Exclusive interview with Howard Davies

Posted on 23 November 2013.

Posted in: HT Blogs

Exclusive interview with Howard Davies

Howard Davies discusses Drawing the Line, his theatre career and his most meaningful award with Hampstead’s online features Editor, Susie Benson.

Howard Davies, multi-award winning director of Drawing the Line is telling me that he gravitates towards work that scares him ‘witless’. This is probably because Howard Davies CBE likes to take on big plays. It is a rainy Monday morning in the third week of rehearsals, the critical moment when the play is ‘put on its feet’ and the actors go off-script. We are talking in a space that has been emptied of all props and most furniture, possibly because the cast is huge, but the rehearsal room is not.

A mighty figure in contemporary British theatre, Davies is engagingly wry and under-stated in person. He has been garlanded extensively for his epic storytelling both in the UK and on Broadway, and is currently an Associate Director of the National Theatre, previously having worked at the RSC for many years, establishing the Warehouse Theatre (now the Donmar) with Trevor Nunn. Charles Spencer, The Telegraph’s theatre critic, has said of the director that when he is on top form, no one can better him at animating a large ensemble and creating a dramatic atmosphere in which comedy mingles with despair. Certainly Brenton’s new play feels like an epic, with its cast of seventeen actors, multiple scene changes, and depiction of an electrifying moment in history, but one senses more excitement from Davies about this particular project, than fear.

Davies has directed the cream of British theatre, from Helen Mirren in Mourning Becomes Electra (2003), recently reprised as part of the televised NT 50 Years On Stage gala, to Kevin Spacey in The Iceman Cometh (1999), and Alan Rickman and Lindsay Duncan in the critically-acclaimed 1985 production of Les Liaisons Dangereuses. Today he is chuckling as he describes what it is like working with Hampstead’s Edward Hall, Artistic Director, and Greg Ripley-Duggan, Executive Producer:

‘The extraordinary thing here at Hampstead is that they don’t give you any parameters to follow. They just said to me with this play, and with 55 Days: “You do what you want to do and we’ll try to make it work”. This is unheard of. Normally if you’re doing a show in the West End, you’re told very strictly and in no uncertain terms: this is the budget and this is what we’re aiming at [in sales]. You can’t do this and you can’t do that. Here they say: “You dream and we’ll try to make that realisable”.’

If Edward Hall had not grabbed Drawing the Line immediately, says Davies, it would have gone straight to another theatre, as it is such an important piece. He points out what a big undertaking a play of this scale is, for a theatre like Hampstead, which receives a tiny slice of public funding compared to the funding an institution like the National receives, and he admires Hall and Ripley-Duggan for having the courage of their convictions. Hampstead was similarly adventurous with the Brenton/Davies 2012 collaboration 55 Days, facilitating Davies’s vision of staging the play in traverse formation, to conjure the courtroom of the trial of Charles I. When Davies heard that the play was due to transfer to the West End, he thought he might have to redesign the whole production. However Ripley-Duggan insisted that he would make the situation work somehow, not even blanching when Davies followed up with a request for 15 extras for the courtroom scene.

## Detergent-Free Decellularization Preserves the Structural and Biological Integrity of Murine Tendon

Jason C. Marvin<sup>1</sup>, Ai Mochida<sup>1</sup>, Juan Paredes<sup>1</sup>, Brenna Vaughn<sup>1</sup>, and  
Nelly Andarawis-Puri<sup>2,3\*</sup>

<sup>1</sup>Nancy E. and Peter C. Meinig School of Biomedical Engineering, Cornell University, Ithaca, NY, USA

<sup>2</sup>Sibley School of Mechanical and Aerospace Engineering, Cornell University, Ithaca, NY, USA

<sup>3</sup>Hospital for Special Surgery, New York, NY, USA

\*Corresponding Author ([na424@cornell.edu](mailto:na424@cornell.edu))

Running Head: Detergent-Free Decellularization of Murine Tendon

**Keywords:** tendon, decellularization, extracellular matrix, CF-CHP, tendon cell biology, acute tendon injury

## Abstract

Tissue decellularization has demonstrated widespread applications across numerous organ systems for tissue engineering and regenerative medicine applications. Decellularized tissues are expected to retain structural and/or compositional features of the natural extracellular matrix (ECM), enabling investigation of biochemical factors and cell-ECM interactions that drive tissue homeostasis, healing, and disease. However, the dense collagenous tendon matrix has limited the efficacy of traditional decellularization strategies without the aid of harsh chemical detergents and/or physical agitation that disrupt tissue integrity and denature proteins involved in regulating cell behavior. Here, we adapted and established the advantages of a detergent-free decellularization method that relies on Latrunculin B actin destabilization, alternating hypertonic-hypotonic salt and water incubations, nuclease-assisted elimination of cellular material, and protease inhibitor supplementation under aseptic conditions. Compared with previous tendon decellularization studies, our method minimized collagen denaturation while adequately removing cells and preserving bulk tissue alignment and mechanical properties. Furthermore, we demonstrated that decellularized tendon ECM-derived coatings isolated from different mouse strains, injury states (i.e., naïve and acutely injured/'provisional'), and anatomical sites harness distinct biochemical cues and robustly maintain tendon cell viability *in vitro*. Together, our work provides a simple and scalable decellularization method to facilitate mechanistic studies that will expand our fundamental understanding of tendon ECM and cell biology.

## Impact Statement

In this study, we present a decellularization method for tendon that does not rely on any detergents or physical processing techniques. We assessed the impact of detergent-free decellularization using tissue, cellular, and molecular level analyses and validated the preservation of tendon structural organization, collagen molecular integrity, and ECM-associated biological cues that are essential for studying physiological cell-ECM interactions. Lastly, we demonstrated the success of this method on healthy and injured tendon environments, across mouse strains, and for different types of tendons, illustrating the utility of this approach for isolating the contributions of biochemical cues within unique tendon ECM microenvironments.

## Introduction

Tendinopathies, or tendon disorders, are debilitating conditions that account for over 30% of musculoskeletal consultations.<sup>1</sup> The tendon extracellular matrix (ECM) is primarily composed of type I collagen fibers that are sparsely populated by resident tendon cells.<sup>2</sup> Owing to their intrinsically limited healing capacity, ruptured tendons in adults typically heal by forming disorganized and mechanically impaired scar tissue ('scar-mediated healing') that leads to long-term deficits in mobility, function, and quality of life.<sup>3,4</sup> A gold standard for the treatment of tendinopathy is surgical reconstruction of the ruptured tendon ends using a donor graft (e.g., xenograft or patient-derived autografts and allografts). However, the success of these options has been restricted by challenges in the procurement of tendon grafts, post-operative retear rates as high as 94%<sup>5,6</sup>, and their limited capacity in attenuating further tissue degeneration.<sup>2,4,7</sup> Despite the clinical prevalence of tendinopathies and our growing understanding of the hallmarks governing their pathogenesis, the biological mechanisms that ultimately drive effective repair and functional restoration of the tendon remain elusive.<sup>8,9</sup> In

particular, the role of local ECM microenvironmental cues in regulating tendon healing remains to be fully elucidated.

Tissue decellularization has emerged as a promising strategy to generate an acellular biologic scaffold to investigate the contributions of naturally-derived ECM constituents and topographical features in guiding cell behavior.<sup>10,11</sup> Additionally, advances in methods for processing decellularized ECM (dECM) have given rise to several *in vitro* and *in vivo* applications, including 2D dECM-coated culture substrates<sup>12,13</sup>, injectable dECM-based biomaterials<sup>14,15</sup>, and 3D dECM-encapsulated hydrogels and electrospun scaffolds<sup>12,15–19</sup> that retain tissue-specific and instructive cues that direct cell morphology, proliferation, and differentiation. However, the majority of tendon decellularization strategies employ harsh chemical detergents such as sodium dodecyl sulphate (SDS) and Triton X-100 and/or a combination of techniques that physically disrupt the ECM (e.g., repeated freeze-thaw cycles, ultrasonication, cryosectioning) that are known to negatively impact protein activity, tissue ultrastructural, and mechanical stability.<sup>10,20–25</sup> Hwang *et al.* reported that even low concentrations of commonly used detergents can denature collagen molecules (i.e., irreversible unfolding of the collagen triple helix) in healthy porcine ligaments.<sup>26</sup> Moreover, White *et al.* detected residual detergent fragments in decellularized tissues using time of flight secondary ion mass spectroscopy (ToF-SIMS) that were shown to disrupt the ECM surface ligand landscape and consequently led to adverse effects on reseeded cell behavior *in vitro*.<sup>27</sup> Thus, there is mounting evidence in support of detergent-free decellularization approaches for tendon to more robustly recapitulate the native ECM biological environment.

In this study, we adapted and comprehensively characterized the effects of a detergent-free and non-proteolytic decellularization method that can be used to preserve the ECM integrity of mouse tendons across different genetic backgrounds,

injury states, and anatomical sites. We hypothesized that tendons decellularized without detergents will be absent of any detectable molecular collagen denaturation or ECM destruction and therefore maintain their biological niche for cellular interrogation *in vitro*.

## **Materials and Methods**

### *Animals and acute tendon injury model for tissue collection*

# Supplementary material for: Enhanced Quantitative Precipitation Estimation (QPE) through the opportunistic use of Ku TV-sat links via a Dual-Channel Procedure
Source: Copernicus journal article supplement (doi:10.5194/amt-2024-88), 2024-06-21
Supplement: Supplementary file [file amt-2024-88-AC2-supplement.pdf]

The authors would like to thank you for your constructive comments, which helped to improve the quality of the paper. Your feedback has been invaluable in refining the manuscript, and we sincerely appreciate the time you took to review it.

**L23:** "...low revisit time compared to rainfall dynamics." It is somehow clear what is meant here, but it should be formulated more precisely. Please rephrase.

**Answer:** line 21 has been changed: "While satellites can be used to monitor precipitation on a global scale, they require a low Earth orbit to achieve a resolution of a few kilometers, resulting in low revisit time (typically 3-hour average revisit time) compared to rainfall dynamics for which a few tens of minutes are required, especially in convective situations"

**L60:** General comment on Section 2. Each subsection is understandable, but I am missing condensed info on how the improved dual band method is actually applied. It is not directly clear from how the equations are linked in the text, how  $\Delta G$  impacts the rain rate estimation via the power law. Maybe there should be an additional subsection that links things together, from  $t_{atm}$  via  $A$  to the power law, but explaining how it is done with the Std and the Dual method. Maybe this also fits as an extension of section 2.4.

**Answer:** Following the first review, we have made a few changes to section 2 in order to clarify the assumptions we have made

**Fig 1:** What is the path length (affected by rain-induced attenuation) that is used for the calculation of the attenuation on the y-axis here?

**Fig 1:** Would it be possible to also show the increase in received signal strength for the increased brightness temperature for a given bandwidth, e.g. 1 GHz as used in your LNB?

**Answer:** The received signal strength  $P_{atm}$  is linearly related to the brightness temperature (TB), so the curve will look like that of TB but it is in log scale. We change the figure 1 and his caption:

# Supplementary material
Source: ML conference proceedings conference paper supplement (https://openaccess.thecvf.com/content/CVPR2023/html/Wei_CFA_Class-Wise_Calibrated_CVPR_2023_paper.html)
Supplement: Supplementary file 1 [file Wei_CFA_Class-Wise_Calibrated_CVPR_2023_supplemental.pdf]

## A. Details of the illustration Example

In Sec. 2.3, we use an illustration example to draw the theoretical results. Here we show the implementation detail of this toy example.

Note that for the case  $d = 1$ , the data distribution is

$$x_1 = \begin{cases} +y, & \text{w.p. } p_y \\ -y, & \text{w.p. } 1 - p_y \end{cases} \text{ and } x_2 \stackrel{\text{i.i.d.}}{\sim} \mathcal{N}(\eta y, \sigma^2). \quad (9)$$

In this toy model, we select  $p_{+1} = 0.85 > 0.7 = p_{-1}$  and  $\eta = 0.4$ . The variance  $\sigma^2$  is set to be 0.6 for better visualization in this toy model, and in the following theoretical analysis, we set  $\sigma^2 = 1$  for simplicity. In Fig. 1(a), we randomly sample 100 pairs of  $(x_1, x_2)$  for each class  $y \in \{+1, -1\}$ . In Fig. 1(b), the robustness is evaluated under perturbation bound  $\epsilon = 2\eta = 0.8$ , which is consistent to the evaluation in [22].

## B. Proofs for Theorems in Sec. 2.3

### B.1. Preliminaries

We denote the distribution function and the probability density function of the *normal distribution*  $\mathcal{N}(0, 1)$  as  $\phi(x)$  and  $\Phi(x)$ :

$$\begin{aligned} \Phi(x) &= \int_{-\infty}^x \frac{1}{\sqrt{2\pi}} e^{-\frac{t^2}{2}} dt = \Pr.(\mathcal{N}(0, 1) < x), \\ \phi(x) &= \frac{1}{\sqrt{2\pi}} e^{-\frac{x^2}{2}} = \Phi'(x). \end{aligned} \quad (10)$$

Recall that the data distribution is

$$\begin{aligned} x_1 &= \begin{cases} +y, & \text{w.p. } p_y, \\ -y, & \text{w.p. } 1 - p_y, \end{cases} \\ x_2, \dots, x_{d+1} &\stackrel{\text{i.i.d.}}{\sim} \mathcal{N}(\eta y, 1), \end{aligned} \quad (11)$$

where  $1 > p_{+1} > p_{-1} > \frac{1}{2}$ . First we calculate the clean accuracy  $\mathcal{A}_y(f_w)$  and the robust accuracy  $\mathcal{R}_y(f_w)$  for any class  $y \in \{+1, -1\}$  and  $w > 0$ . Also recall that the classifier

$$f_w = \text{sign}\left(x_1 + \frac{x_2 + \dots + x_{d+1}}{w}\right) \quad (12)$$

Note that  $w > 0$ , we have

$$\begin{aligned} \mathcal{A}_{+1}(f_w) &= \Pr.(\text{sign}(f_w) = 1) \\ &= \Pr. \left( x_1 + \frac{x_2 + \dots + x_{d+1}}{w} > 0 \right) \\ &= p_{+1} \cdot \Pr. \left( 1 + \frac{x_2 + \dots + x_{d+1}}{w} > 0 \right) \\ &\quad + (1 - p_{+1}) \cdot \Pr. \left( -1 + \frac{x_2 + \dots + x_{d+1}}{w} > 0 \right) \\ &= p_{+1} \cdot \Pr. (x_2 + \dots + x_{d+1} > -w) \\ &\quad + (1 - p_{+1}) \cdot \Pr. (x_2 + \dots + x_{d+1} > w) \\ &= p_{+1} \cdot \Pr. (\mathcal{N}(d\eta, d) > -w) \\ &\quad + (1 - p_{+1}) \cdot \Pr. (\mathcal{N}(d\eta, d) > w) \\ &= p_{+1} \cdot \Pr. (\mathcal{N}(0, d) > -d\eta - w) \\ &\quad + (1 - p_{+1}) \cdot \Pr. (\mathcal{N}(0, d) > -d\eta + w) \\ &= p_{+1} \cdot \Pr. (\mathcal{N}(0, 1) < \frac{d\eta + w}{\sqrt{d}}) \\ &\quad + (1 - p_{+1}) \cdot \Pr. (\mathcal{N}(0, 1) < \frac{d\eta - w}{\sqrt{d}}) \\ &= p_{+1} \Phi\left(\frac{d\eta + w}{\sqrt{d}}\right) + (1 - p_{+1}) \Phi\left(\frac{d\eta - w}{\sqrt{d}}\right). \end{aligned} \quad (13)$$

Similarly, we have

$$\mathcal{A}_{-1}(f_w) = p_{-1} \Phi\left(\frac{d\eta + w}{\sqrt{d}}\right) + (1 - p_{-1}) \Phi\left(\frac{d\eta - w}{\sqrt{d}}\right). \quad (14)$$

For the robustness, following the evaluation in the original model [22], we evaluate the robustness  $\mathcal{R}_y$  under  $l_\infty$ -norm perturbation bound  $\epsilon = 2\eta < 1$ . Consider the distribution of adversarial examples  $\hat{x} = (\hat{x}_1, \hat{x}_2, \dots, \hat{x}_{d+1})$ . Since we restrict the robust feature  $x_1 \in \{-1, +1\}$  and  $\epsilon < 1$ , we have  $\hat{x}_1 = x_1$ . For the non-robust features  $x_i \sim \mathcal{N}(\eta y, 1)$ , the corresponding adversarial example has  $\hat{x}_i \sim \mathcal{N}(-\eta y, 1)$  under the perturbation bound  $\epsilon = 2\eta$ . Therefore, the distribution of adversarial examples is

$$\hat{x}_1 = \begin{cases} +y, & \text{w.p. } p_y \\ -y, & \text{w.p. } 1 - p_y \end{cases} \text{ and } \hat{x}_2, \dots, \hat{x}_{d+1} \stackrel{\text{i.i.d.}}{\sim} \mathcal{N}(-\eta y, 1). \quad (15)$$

‘It’s generous in the extreme or foolhardy in the extreme!’ says Davies. ‘But what they are doing is allowing writers and directors to have an enormous imaginative range. The scale of your production doesn’t have any boundaries round it. You end up coming back to them saying this is what I’d like – and they try and make it work.’

Davies, Brenton, and award-winning designer Tim Hatley – a high-powered team by anyone’s reckoning – tell a story that almost defies credulity, with Hatley’s set, evoking the beauty of the Mughal architecture of Northern India to heighten the poignancy of what is about to be destroyed. In 1947, Atlee chose an English circuit judge, Cyril Radcliffe – a man who had never been to India and had no knowledge of cartography – as the person who would choose where to impose the border between India and the new state of Pakistan in only 5 weeks. I ask Davies why he thinks people in this country know so little about the episode.

‘I think it was the fact that World War II over-shadows it,’ says Davies. ‘It was much easier for the British to see ourselves as the heroic under-dogs fighting the evil Nazis and forget about this episode. What we discovered about the Nazis and the camps completely overwhelmed public consciousness and therefore the dismantling of the colony in India became of secondary importance, especially because the country was going through really bad economic times. People genuinely wanted out as fast as possible, but the fact it was done in 5 weeks was appalling.’